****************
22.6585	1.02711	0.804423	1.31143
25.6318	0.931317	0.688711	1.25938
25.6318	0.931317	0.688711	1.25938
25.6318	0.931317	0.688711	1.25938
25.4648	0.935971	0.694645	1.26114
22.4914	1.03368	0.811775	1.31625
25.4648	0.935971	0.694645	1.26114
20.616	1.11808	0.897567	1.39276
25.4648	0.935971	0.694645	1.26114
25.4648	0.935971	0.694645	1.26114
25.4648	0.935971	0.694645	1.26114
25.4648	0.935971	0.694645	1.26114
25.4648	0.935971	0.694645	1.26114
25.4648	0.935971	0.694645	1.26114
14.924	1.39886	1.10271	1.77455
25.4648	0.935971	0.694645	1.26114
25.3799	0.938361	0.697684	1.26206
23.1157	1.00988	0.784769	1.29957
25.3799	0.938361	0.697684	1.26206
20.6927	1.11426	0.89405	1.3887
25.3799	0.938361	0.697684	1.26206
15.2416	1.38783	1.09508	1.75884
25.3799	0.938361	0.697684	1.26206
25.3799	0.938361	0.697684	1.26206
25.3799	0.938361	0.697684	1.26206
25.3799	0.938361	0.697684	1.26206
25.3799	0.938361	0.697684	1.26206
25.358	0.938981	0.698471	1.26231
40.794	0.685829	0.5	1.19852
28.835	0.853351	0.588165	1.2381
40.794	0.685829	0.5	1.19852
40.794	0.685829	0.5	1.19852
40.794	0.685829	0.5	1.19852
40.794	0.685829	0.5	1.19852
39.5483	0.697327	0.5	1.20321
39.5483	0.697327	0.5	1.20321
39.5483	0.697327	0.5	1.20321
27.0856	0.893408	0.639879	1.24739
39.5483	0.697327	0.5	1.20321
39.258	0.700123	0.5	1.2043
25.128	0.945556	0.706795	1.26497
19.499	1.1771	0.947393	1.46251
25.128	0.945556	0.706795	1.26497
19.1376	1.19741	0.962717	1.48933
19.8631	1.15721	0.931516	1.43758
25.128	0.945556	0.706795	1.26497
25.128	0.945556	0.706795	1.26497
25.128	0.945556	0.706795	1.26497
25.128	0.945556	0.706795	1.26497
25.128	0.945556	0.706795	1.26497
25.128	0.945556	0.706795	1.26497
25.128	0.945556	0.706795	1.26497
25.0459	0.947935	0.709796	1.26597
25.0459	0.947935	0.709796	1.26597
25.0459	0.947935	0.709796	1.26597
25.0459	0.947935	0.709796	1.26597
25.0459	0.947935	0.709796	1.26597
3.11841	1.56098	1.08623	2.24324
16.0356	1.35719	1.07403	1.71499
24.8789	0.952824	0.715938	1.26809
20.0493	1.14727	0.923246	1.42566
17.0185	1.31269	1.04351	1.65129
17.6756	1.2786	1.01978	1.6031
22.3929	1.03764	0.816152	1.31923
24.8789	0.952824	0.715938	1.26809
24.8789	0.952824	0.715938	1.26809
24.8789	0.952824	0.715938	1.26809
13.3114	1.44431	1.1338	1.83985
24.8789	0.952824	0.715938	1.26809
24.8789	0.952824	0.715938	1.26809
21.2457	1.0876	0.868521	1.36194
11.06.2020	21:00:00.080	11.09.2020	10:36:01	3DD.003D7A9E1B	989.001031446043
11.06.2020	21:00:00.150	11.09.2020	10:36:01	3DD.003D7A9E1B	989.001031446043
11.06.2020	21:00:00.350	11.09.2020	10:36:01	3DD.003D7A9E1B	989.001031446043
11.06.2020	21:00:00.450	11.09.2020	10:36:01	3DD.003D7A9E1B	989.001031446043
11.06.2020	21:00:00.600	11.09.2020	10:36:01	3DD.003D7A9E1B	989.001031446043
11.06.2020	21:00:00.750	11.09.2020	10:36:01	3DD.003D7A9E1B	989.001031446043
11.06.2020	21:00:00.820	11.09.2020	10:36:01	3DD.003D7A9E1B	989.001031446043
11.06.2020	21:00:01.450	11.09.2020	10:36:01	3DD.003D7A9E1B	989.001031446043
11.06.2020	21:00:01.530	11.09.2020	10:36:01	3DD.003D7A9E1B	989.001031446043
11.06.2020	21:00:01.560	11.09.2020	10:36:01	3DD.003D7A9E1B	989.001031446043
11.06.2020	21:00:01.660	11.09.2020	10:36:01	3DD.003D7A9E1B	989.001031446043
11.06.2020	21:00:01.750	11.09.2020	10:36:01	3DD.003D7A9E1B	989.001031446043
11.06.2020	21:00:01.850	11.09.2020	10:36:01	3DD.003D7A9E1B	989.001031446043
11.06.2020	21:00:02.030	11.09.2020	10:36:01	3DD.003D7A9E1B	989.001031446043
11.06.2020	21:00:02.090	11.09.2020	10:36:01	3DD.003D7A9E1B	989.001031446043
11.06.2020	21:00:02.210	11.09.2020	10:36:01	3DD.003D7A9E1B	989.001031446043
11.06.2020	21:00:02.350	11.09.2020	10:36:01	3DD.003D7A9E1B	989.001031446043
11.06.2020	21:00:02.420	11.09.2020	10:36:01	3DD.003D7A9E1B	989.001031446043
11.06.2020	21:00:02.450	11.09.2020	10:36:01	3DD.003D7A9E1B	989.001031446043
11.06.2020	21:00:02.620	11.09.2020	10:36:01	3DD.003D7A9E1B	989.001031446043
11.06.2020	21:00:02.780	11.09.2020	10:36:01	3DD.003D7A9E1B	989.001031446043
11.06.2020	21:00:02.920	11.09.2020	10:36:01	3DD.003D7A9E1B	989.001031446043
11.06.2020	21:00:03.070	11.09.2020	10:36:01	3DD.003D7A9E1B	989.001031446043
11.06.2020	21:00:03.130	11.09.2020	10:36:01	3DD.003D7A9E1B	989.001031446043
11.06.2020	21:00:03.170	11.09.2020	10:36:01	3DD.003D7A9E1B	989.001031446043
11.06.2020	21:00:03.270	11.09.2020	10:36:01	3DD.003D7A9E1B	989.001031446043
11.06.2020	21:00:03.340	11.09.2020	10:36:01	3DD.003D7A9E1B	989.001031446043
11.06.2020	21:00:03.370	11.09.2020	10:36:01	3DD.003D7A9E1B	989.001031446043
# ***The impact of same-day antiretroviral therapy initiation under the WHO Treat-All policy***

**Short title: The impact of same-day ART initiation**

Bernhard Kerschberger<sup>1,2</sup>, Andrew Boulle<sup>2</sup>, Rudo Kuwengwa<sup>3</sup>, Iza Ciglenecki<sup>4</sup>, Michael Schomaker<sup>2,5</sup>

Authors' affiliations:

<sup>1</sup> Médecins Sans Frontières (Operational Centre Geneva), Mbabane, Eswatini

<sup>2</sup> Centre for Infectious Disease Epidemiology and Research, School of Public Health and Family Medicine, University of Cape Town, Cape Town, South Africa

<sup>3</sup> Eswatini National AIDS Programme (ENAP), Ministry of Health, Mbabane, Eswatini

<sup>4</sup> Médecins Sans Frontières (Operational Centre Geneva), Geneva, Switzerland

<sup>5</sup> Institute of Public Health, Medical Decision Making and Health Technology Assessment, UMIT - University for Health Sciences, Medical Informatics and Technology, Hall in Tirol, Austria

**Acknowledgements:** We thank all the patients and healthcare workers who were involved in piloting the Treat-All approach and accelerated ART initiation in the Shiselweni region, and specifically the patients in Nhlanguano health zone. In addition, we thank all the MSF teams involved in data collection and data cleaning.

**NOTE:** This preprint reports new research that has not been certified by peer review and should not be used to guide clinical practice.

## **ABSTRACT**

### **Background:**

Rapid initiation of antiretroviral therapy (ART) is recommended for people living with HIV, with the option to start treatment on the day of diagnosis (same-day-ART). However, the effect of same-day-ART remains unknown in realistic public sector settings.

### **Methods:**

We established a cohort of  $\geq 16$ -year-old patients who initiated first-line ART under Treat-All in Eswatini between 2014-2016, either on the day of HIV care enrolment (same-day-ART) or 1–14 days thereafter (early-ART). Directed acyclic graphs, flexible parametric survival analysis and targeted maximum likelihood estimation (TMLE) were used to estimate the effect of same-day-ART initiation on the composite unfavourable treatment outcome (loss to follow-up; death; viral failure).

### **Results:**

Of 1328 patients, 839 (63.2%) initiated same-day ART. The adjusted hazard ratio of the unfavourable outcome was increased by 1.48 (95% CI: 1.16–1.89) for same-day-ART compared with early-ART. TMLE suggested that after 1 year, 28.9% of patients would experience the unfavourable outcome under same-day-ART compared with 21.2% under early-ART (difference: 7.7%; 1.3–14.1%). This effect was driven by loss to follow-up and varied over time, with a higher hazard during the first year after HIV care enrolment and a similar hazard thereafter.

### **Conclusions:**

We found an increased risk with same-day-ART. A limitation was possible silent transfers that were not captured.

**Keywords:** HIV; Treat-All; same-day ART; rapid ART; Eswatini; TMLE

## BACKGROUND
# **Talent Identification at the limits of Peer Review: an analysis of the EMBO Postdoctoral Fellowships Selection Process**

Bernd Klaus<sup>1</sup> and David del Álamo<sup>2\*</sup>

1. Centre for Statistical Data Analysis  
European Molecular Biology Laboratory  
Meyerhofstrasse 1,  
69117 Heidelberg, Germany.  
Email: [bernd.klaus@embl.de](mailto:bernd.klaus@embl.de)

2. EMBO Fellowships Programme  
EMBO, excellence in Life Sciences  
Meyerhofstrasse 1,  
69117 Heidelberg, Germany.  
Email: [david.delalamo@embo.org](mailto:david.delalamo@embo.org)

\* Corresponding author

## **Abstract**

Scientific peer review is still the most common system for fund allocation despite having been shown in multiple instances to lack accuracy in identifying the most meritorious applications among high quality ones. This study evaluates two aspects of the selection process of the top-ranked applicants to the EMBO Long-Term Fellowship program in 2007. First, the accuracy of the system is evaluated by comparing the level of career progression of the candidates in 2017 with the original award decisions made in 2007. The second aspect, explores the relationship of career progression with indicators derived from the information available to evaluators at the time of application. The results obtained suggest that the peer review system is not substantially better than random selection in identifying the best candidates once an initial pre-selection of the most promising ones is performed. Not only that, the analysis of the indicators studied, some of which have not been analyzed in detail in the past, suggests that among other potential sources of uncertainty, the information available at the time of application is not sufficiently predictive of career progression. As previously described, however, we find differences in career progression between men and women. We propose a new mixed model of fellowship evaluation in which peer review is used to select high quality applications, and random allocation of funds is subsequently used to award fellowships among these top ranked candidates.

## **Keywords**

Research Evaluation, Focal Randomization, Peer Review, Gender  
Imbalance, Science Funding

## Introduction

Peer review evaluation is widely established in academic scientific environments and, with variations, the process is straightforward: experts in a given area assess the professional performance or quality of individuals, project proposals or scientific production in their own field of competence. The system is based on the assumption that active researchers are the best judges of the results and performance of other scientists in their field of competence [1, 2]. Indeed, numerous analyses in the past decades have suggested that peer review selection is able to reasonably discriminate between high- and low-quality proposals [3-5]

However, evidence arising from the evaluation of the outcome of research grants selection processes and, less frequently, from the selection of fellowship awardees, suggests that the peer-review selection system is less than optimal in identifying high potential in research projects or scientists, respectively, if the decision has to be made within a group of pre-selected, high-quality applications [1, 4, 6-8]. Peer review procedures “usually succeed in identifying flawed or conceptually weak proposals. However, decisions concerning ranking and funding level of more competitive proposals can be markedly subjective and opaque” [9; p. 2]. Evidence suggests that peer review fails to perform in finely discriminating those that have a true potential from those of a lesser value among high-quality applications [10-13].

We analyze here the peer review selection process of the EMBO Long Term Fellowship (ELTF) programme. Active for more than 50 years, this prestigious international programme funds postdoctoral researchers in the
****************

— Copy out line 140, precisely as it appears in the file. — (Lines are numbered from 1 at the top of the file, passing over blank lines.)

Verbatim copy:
## Introduction